New Zealand’s ‘green car’ policy slams the brakes on ute sales

Ute buyers in New Zealand have been left fuming and out of pocket after the government introduced vehicle emissions targets – and financial penalties – that are more severe than in Europe.


The New Zealand government has come under fire for introducing harsh new vehicle emissions regulations that heavily penalise drivers of utes and vans – and give generous discounts to buyers of electric and hybrid cars.

Under the radical scheme – which came into force last month – buyers of utes and vans are slugged an extra $NZ2500 to $NZ4500 on the purchase of a new vehicle, while buyers of low-emissions cars such as electric and plug-in hybrid vehicles Instead pocket a taxpayer-funded rebate of between $NZ3450 and $NZ8625.

The controversial New Zealand scheme – dubbed by critics as “robbing Peter to pay Paul” – applies an extra fee to vehicles that exceed arbitrary emissions limits. The vehicles most affected by the tough new mandates are four-wheel-drives, utes, and vans.



While strict new emissions targets come into force in New Zealand next year, price penalties on high-emissions vehicles came into force last month and had an immediate impact on sales.

Sales of utes and vans in New Zealand plummeted by 72 per cent in April 2022 compared to the same month the prior year – the biggest slowdown on record – after new cost penalties were applied to vehicles that exceed impossibly strict emissions targets.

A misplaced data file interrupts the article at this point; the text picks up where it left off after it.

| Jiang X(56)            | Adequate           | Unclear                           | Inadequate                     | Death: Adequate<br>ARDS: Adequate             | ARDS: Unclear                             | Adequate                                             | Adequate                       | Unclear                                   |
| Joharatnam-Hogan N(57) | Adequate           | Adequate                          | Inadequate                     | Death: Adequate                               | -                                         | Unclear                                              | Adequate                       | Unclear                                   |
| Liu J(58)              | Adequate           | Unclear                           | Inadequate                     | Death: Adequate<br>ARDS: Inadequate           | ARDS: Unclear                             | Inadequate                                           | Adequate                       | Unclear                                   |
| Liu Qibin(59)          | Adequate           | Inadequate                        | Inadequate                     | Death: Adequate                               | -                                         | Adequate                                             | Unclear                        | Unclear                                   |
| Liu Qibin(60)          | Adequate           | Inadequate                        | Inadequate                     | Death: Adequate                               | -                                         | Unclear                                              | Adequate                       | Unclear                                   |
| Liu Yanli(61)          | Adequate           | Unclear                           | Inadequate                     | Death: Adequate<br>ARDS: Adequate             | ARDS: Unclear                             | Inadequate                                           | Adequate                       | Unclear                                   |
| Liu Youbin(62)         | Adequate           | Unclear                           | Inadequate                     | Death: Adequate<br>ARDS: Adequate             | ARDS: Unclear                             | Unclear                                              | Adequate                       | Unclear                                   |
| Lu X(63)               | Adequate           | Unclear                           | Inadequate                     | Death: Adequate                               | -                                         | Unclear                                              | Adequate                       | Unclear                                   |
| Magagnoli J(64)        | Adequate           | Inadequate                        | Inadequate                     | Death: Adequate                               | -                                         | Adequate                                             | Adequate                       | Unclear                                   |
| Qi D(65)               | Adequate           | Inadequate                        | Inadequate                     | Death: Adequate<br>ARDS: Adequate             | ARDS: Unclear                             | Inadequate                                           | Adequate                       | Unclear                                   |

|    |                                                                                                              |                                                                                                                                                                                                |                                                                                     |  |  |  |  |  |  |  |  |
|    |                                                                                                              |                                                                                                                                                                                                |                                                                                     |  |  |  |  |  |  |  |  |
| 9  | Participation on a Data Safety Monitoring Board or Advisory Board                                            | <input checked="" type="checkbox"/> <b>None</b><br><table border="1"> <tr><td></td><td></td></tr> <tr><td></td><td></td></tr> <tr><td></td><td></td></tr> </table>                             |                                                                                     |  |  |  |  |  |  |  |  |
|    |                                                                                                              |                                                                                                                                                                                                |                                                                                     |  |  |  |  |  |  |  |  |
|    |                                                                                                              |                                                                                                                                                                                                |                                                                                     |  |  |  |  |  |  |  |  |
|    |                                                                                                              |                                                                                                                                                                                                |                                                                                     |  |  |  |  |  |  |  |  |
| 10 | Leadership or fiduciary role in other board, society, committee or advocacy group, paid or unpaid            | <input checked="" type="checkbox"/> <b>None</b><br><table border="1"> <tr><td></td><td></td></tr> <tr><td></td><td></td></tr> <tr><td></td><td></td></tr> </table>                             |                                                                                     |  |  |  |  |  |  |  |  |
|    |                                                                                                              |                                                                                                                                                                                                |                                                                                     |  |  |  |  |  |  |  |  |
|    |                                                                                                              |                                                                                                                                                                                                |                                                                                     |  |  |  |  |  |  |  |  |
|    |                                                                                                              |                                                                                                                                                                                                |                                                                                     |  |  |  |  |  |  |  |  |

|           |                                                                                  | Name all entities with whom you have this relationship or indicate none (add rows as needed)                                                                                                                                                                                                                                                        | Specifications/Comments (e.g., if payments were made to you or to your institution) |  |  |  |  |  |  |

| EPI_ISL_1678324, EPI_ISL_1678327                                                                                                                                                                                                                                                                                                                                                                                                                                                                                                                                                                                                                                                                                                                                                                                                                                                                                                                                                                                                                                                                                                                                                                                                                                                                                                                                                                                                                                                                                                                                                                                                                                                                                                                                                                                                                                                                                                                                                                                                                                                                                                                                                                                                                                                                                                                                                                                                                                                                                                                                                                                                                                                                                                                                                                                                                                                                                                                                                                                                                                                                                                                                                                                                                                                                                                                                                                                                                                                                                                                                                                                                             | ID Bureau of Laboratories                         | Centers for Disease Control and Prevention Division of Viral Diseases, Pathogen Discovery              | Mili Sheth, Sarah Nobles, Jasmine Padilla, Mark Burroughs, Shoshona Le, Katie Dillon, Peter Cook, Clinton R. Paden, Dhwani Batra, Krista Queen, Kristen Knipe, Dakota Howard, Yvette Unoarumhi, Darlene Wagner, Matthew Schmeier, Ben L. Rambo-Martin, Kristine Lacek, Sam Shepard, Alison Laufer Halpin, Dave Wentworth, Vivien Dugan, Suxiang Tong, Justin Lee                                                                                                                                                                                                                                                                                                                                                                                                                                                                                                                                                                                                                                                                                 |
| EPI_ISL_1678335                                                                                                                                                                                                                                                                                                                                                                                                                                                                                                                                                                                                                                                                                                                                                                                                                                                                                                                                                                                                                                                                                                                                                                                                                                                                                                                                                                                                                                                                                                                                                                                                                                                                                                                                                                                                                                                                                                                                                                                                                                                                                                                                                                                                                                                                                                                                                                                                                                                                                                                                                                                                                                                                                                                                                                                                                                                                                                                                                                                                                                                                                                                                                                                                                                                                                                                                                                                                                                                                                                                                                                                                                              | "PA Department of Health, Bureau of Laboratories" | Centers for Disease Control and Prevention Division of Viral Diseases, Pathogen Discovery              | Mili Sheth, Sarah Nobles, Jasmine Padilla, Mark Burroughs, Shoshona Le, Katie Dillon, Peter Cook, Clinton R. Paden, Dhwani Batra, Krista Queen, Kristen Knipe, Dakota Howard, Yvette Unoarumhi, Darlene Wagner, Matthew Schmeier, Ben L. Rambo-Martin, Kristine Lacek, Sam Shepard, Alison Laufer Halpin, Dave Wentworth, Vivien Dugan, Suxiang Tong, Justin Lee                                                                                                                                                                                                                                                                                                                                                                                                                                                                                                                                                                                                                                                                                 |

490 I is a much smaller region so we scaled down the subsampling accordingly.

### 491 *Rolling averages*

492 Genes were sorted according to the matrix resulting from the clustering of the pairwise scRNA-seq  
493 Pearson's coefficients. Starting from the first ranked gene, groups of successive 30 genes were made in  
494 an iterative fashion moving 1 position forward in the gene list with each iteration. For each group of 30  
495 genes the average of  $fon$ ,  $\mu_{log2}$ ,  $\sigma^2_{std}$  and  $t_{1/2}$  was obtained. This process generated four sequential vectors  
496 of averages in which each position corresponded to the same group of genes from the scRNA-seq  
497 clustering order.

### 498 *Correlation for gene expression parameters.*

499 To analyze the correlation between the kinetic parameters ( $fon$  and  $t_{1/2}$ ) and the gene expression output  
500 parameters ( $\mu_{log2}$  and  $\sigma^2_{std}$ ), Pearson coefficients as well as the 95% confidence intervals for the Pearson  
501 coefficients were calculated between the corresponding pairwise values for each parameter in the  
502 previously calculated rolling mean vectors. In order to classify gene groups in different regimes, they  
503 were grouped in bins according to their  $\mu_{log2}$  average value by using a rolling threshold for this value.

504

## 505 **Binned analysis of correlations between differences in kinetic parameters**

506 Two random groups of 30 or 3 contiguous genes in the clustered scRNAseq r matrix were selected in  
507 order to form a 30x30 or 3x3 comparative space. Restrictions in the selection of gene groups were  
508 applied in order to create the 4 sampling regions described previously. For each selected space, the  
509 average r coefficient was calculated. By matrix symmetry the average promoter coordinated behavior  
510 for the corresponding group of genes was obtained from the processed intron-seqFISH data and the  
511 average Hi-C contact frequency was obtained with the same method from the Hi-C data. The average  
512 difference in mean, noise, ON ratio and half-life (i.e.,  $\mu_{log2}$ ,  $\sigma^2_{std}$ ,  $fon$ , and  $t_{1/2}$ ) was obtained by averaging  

Official figures show just 1220 new commercial vehicles were reported as sold in New Zealand in April 2022, down from 4310 for the same month the prior year.



“It is the first time in over a decade that a ute has not made it into the top three monthly registrations,” said David Crawford, the chief executive officer of the Motor Industry Association of New Zealand.

The sales slide was exacerbated by a rush on sales in March 2022 to beat the deadline for the harsh new penalties, when a record number of utes and vans were reported as sold.

While ute sales in New Zealand are expected to recover later in the year, critics of the scheme say the emissions mandates are too harsh and too soon – and are a warning to Australia of what could happen if a similar policy were adopted locally.



Utes such as the Toyota HiLux and Ford Ranger have been the top two selling vehicles in Australia for the past five years; the Toyota HiLux has been the number one vehicle outright for the past six years in a row.

Earlier this year, utes accounted for four of the top 10 new vehicles sold in Australia.

The Australian car industry is closely monitoring New Zealand’s experiment with strict emissions mandates – and heavy cost penalties passed on to consumers – in the lead-up to the federal election, as both major parties announced ambitious electric-car incentives.



However, both sides of Australian politics are treading on egg shells over future emissions regulations because strict mandates would spark a voter backlash among drivers of our most popular vehicles.

Sales of utes and four-wheel-drives are at record highs as Australians prepare to explore their own backyard amid international travel restrictions.